Roberto Germán [00:24:16]:
Well, keep doing what you're know with the filmmaking. You had the film about the DACA experience and immigrants in this country, and then your two books centered around here, which is important for me, for my family, for my daughters, for my son. And I encourage you to just continue to create and use your gifts and your vision for your values to push us to push us as it relates to what we're seeing with the visuals you create, whether photography or through film, to push us with the writing. We definitely need more of this. So thank you. Last time that we met, I asked you if you had the opportunity to have lunch with anybody that alive, who would it be and why? You said bell hooks. Today is a new day, but it's the same question, so let's leave bell hooks out of it. If you had the opportunity today to have a meal, to sit down, to have lunch with anybody dead or alive, who would it be? And.
St. Clair Detrick-Jules [00:25:38]:
You were as you started to ask that question again, I was thinking, oh, bell hooks. And then you were like, oh, I already said that. Yeah, let's see. I guess, I mean, it would be really cool to sit down with Angela Davis. I saw her speak one time at my school, and I met her afterwards, but just briefly in a very long line of students. Loving to meet her. But it would be really great, I think, to sort of sit down with her and just listen. She's definitely one of my idols, and I love how she's so intersectional in her work.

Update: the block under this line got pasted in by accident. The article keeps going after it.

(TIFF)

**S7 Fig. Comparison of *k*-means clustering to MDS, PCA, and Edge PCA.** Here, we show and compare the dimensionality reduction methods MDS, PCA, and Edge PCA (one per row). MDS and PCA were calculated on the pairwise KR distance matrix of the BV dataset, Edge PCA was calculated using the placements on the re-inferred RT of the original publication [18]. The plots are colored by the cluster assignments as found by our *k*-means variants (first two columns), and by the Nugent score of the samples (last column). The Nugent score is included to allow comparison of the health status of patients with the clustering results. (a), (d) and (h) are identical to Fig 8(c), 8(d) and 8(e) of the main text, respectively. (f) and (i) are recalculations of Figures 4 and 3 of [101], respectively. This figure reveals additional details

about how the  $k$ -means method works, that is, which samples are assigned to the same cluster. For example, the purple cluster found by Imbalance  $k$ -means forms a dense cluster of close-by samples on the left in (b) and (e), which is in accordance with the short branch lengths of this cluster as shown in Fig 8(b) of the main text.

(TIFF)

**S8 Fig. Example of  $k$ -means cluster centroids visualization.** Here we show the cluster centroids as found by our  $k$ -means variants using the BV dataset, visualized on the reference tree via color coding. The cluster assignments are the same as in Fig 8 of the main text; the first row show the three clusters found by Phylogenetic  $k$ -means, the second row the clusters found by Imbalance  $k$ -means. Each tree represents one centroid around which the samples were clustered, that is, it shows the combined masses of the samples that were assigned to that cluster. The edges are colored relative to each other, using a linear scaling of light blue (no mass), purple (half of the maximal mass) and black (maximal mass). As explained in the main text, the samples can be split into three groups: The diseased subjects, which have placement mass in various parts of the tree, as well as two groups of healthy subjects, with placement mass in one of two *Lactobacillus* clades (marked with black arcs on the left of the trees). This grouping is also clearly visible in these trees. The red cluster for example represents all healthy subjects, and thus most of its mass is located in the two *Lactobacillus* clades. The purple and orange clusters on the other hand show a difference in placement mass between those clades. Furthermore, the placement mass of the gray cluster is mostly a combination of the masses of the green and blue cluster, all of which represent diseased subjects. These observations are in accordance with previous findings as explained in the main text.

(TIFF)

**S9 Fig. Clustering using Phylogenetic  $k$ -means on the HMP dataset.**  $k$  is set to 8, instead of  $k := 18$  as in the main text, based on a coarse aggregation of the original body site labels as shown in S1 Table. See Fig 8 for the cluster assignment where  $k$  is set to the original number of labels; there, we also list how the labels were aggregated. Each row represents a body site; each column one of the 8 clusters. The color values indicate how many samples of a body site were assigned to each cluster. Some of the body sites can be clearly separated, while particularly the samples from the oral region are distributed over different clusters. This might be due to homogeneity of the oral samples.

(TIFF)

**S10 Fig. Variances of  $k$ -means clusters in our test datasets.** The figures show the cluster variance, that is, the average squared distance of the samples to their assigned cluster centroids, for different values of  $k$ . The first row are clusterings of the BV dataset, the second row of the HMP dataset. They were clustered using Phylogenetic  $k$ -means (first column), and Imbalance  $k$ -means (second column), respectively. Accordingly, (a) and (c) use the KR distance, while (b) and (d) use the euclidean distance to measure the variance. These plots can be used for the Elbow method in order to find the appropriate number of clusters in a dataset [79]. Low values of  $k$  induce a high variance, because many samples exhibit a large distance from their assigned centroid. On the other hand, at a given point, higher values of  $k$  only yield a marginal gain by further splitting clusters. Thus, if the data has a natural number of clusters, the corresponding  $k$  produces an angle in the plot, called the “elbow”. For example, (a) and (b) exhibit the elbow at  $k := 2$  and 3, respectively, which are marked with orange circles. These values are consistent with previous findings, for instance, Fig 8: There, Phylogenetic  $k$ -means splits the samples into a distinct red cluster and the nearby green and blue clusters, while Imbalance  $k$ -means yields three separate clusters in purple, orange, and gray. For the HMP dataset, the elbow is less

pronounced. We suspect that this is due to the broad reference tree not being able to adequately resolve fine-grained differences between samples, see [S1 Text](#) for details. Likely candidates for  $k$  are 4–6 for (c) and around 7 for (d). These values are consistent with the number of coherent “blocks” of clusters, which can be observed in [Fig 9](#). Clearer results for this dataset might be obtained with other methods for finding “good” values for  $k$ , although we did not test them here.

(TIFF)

St. Clair Detrick-Jules [00:26:18]:
So it would be an honor to have lunch with her.
Roberto Germán [00:26:21]:
I had Angela Davis on my mind as I was going through your book and just looking at all the different folks, different hair texture. And Angela Davis has a presence about her, including her hair. So that's dope. Well, St. Clair, thank you for joining me. Once again, please remind the audience where it is that they could follow you.
St. Clair Detrick-Jules [00:26:50]:
Yeah, thank you. So people can follow me on Instagram. It's my name. So it's St. Clair Detrick-Jules so, Stclairdetrickjules. And I'm not sure if that can be in the notes of the podcast. I know I have a long name, and then my website is also just www.st
St. Clair Detrick-Jules [00:27:14]:
clairdetrickjules.com so folks can find out more about my work there. They can get my books there. They can also connect with me there. If people want to reach out, if they have any questions, if they want to chat, if they want to share their stories with me, always happy to to connect with more people.
Roberto Germán [00:27:32]:
Well, as I mentioned earlier, we're going to have to have you back on and this time will be more panel style. Hopefully I could get my friend Yeimy Medina on maybe one or two other individuals. But let's continue the conversation. Thanks for being with us today.
St. Clair Detrick-Jules [00:27:49]:
That would be great. Thank you for having me.